MOSCOW — Mikhail Kovyazin, a 48-year-old independent municipal deputy from the city of Kirov, had modest plans when he decided to attend the Municipal Russia conference of independent lawmakers in Moscow on March 13-14.
“I planned to tell them about the situation in the village of Sergeyevo, where the bus wasn’t running in the winter because the road is too dangerous,” he told RFE/RL. “How together with local residents, acting completely legally, we were able to get the road fixed and restore this connection.”
Instead, Kovyazin found himself — like all of the other nearly 200 people from 56 regions who were in the hall when the event opened — detained by Moscow police and shuffled off into a police van. He found himself sitting next to prominent opposition leader Ilya Yashin for several hours, getting a firsthand account of the political situation in the Russia of President Vladimir Putin from a close associate of slain opposition leader Boris Nemtsov.
Like the other conference participants, Kovyazin was written up for allegedly participating in an event organized by an organization deemed “undesirable” and banned in Russia. The organization in question is the London-based Open Russia foundation funded by long-imprisoned former oil tycoon-turned-Putin critic Mikhail Khodorkovsky.
If the administrative charges are confirmed in court, the detainees — who were all released within about 15 hours of being detained — face fines from 5,000 to 15,000 rubles ($70 to $210). With all the participants detained, the conference was canceled.
‘Harsh And Excessive’
Like many of those who were detained on March 13, Kovyazin connects the police raid with the elections to the State Duma, the lower chamber of Russia’s parliament, which must be held by September 19. According to a poll conducted by the independent Levada Center and released on March 11, the ruling United Russia party — through which Putin’s government maintains a near monopoly on political power throughout the country — was polling at just 27 percent support.
“I believe the reason for such harsh and excessive actions by the authorities is fear,” Kovyazin said. “All of this is happening in the run-up to a new election season. The authorities are afraid of change, so they are trying to suppress any manifestation of independence.”
Ksenia Fadeyeva, a municipal deputy from Tomsk who was also detained at the conference, agrees, connecting the crackdown directly with United Russia’s ratings nosedive. “They understand perfectly how the elections this fall are going to look,” she said. “Independent candidates will show up and they will have to be denied registration under a variety of pretexts because, God forbid, they should lose. I think the authorities are very nervous right now.”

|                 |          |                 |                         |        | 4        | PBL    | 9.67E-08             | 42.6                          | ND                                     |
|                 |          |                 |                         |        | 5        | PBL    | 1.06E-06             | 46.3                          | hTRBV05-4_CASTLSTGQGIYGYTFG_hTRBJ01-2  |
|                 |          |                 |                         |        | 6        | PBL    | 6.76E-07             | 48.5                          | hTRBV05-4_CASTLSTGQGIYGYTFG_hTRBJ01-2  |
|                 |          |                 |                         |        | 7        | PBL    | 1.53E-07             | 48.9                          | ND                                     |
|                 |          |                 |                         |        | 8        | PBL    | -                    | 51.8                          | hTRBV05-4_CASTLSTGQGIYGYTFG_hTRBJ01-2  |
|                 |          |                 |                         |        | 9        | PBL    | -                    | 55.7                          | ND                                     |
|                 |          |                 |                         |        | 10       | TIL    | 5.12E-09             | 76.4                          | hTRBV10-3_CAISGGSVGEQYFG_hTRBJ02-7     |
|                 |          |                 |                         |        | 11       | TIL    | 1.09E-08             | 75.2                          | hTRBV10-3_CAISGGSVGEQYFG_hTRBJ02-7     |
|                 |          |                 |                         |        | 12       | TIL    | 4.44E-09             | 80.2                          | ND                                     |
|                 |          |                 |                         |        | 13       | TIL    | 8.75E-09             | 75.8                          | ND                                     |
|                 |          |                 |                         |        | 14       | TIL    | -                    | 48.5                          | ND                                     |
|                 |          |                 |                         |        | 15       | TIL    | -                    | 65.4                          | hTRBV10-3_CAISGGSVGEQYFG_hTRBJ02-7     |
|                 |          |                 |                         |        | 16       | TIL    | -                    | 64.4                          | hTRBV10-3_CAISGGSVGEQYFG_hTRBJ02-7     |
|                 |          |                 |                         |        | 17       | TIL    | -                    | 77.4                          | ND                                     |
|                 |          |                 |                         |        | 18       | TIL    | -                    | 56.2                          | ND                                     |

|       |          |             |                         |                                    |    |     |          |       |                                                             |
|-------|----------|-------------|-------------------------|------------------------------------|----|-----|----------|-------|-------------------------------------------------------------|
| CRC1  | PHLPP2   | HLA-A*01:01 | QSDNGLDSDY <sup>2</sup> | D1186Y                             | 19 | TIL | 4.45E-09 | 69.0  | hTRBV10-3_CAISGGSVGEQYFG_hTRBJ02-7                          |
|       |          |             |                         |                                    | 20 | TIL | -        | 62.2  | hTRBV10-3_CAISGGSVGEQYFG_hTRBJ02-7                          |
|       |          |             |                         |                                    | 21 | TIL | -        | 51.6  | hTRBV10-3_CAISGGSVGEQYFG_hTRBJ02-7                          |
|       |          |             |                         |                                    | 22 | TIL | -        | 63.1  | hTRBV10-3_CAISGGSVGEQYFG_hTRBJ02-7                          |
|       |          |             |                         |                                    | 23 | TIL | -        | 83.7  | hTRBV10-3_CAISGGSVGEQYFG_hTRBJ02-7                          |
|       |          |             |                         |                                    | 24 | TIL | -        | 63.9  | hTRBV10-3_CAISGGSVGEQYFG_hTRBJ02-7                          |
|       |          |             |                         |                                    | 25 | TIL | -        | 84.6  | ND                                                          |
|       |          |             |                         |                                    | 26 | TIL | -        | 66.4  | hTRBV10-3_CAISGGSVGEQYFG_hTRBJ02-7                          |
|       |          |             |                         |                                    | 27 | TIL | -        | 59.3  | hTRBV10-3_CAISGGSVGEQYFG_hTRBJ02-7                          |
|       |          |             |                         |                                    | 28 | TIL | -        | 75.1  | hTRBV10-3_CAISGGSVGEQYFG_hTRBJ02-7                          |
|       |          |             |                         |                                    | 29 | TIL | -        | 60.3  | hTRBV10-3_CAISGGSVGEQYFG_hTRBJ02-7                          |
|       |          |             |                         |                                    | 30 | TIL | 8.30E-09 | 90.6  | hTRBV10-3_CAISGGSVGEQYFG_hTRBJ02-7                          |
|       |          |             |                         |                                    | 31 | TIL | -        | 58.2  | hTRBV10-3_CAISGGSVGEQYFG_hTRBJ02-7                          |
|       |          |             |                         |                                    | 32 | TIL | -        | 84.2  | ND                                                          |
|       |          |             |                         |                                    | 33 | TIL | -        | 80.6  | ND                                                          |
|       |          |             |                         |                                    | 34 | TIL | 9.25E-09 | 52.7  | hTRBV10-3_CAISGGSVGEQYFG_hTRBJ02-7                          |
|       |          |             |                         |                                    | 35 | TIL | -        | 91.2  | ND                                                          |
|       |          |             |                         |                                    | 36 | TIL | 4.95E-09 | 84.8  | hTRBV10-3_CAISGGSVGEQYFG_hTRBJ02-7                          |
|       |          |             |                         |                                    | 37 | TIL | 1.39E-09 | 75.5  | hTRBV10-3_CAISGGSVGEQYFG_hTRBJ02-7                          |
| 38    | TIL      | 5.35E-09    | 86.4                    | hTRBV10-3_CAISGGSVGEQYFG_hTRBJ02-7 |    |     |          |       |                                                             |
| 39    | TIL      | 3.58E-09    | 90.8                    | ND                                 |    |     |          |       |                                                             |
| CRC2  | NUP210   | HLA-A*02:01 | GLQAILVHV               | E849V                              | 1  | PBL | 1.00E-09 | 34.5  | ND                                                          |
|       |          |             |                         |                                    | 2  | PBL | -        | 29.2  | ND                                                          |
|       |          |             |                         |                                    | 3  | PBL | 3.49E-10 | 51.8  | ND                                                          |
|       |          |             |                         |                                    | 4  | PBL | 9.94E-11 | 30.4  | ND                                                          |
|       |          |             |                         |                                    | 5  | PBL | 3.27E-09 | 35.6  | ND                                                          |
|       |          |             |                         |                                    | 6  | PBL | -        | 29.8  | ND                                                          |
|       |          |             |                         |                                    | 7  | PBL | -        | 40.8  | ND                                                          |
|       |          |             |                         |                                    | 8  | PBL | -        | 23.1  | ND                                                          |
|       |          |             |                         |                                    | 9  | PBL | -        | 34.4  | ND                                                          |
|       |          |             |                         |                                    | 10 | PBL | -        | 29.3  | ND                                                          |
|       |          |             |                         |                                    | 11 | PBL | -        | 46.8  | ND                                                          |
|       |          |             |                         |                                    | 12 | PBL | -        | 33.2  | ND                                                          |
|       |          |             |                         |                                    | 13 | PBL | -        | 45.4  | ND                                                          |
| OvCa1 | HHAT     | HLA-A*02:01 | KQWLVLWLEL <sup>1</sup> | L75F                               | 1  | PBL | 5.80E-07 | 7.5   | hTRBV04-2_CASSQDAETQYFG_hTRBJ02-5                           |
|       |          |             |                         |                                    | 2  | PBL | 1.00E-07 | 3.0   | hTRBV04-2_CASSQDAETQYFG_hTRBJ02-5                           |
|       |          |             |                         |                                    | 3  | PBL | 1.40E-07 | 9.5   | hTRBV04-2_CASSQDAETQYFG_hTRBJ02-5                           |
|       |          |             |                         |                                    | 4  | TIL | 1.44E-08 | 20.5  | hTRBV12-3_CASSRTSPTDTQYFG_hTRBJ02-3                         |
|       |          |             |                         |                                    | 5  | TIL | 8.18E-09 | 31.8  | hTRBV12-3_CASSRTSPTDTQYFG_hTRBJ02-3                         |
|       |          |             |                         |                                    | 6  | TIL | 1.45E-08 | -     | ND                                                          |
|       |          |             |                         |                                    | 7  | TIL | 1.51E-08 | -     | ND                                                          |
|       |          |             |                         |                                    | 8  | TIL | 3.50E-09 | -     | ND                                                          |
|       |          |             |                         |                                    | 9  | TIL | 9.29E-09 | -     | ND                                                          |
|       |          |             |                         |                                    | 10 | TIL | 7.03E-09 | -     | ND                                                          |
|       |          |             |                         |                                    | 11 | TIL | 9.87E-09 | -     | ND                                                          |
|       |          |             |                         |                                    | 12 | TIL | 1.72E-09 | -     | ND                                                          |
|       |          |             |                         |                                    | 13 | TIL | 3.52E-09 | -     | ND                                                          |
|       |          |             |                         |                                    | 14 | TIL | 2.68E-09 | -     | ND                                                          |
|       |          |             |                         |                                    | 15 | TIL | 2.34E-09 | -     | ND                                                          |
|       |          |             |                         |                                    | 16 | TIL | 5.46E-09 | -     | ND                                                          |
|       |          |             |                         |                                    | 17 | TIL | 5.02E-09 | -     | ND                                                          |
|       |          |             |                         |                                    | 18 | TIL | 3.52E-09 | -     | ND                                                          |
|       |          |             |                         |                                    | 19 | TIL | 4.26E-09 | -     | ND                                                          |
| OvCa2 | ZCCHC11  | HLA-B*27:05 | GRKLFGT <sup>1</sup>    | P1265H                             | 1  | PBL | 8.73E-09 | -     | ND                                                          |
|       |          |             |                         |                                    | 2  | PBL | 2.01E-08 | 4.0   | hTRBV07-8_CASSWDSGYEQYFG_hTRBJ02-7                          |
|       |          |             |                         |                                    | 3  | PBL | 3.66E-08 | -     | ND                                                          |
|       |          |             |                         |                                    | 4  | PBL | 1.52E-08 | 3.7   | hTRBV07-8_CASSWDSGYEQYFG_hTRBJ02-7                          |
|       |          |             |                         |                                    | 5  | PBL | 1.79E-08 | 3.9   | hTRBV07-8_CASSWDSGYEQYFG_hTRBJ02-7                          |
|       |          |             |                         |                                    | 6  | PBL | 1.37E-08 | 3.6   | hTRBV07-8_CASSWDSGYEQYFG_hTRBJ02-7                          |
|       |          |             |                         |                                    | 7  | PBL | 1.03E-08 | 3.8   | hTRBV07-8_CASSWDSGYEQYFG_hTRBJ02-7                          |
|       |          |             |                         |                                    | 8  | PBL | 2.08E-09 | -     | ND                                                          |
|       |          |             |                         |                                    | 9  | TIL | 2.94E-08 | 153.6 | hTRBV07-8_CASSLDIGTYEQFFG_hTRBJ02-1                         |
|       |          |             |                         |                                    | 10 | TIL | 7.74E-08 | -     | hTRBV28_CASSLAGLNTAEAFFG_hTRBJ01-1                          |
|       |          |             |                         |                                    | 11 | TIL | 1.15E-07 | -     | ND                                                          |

Kirill Prokorov is an activist from Karelia. In 2018 he lost an election bid for the Petrozavodsk city council, but he was invited to the Moscow forum as a potential future candidate. He told RFE/RL that the police raid may have been intended to send a message to people like him.
“Everything was carefully planned,” he said. “They didn’t get the event host to cancel it in advance. They waited until the event started, until everyone was there, in order to be able to detain everyone.”
“I had the feeling they wanted media coverage,” he added, “in order to pressure active and potential candidates so that they would think about their future in this county, so that they would understand that everything is under control.”
Andrei Pivovarov, the executive director of the Russian organization Open Russia, which is no longer legally connected with the London-based group with the same name and which was an organizer of the Municipal Russia forum, called the police raid “a demonstrative use of force.”
“The purpose was to publicly show their strength,” he said. “The is an election year and the authorities’ popularity is low. The majority of people at the forum were municipal and regional deputies who are planning to run in the elections.”
The purpose of the forum, said Anastasia Burakova, coordinator of the United Democrats group that also was an organizer of the event, was to bring together like-minded people from across the country “so they could build horizontal ties and share ideas and experiences.”
In that regard, the police raid may have backfired, Karelia activist Prokorov said. “I did some excellent networking in the police van,” he told RFE/RL. “I spoke in depth with deputies from many cities. I learned about how they carried out their election campaigns. I now have contacts with everyone with whom I shared those six hours. My goal was achieved.”
Viktor Vishnevetsky, an environmental activist and municipal deputy from Syktyvkar, in the Komi region, had a similar experience. “I planned to speak with other environmental activists at the forum and find out what is happening in their regions,” he said. “In the end, that’s just what happened, although not in a conference hall but in a police van and later at a police station.”
“Now even educational events and exchanges of opinion are illegal,” he added. “We can’t meet openly anymore, and since there’s nothing we can do about that, we will have to change formats. Online is one possibility. More closed and informal meetings could be another.”
“Of course, opposition-minded people can’t stop exchanging opinions,” he added. “We just need to find new ways.”